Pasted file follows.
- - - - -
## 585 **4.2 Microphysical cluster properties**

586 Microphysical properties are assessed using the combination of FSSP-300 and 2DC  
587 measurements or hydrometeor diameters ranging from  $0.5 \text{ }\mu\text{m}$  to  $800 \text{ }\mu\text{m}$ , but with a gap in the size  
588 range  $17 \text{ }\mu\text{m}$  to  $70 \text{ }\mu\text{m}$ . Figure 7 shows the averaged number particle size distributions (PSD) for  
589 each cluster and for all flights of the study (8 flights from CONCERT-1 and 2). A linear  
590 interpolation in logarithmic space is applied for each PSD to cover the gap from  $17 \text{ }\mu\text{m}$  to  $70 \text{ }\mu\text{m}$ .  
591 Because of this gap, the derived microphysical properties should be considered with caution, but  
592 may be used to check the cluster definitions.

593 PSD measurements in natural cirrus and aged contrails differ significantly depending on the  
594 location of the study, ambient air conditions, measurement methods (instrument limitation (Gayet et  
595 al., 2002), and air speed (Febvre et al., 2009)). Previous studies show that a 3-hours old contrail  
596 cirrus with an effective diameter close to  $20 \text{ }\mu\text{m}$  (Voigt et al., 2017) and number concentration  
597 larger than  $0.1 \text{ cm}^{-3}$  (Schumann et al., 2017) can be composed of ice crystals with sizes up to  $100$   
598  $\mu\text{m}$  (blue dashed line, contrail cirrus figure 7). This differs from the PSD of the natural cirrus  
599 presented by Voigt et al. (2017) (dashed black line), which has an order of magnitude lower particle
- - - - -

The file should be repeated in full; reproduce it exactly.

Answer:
## 585 **4.2 Microphysical cluster properties**

586 Microphysical properties are assessed using the combination of FSSP-300 and 2DC  
587 measurements or hydrometeor diameters ranging from  $0.5 \text{ }\mu\text{m}$  to  $800 \text{ }\mu\text{m}$ , but with a gap in the size  
588 range  $17 \text{ }\mu\text{m}$  to  $70 \text{ }\mu\text{m}$ . Figure 7 shows the averaged number particle size distributions (PSD) for  
589 each cluster and for all flights of the study (8 flights from CONCERT-1 and 2). A linear  
590 interpolation in logarithmic space is applied for each PSD to cover the gap from  $17 \text{ }\mu\text{m}$  to  $70 \text{ }\mu\text{m}$ .  
591 Because of this gap, the derived microphysical properties should be considered with caution, but  
592 may be used to check the cluster definitions.

593 PSD measurements in natural cirrus and aged contrails differ significantly depending on the  
594 location of the study, ambient air conditions, measurement methods (instrument limitation (Gayet et  
595 al., 2002), and air speed (Febvre et al., 2009)). Previous studies show that a 3-hours old contrail  
596 cirrus with an effective diameter close to  $20 \text{ }\mu\text{m}$  (Voigt et al., 2017) and number concentration  
597 larger than  $0.1 \text{ cm}^{-3}$  (Schumann et al., 2017) can be composed of ice crystals with sizes up to  $100$   
598  $\mu\text{m}$  (blue dashed line, contrail cirrus figure 7). This differs from the PSD of the natural cirrus  
599 presented by Voigt et al. (2017) (dashed black line), which has an order of magnitude lower particle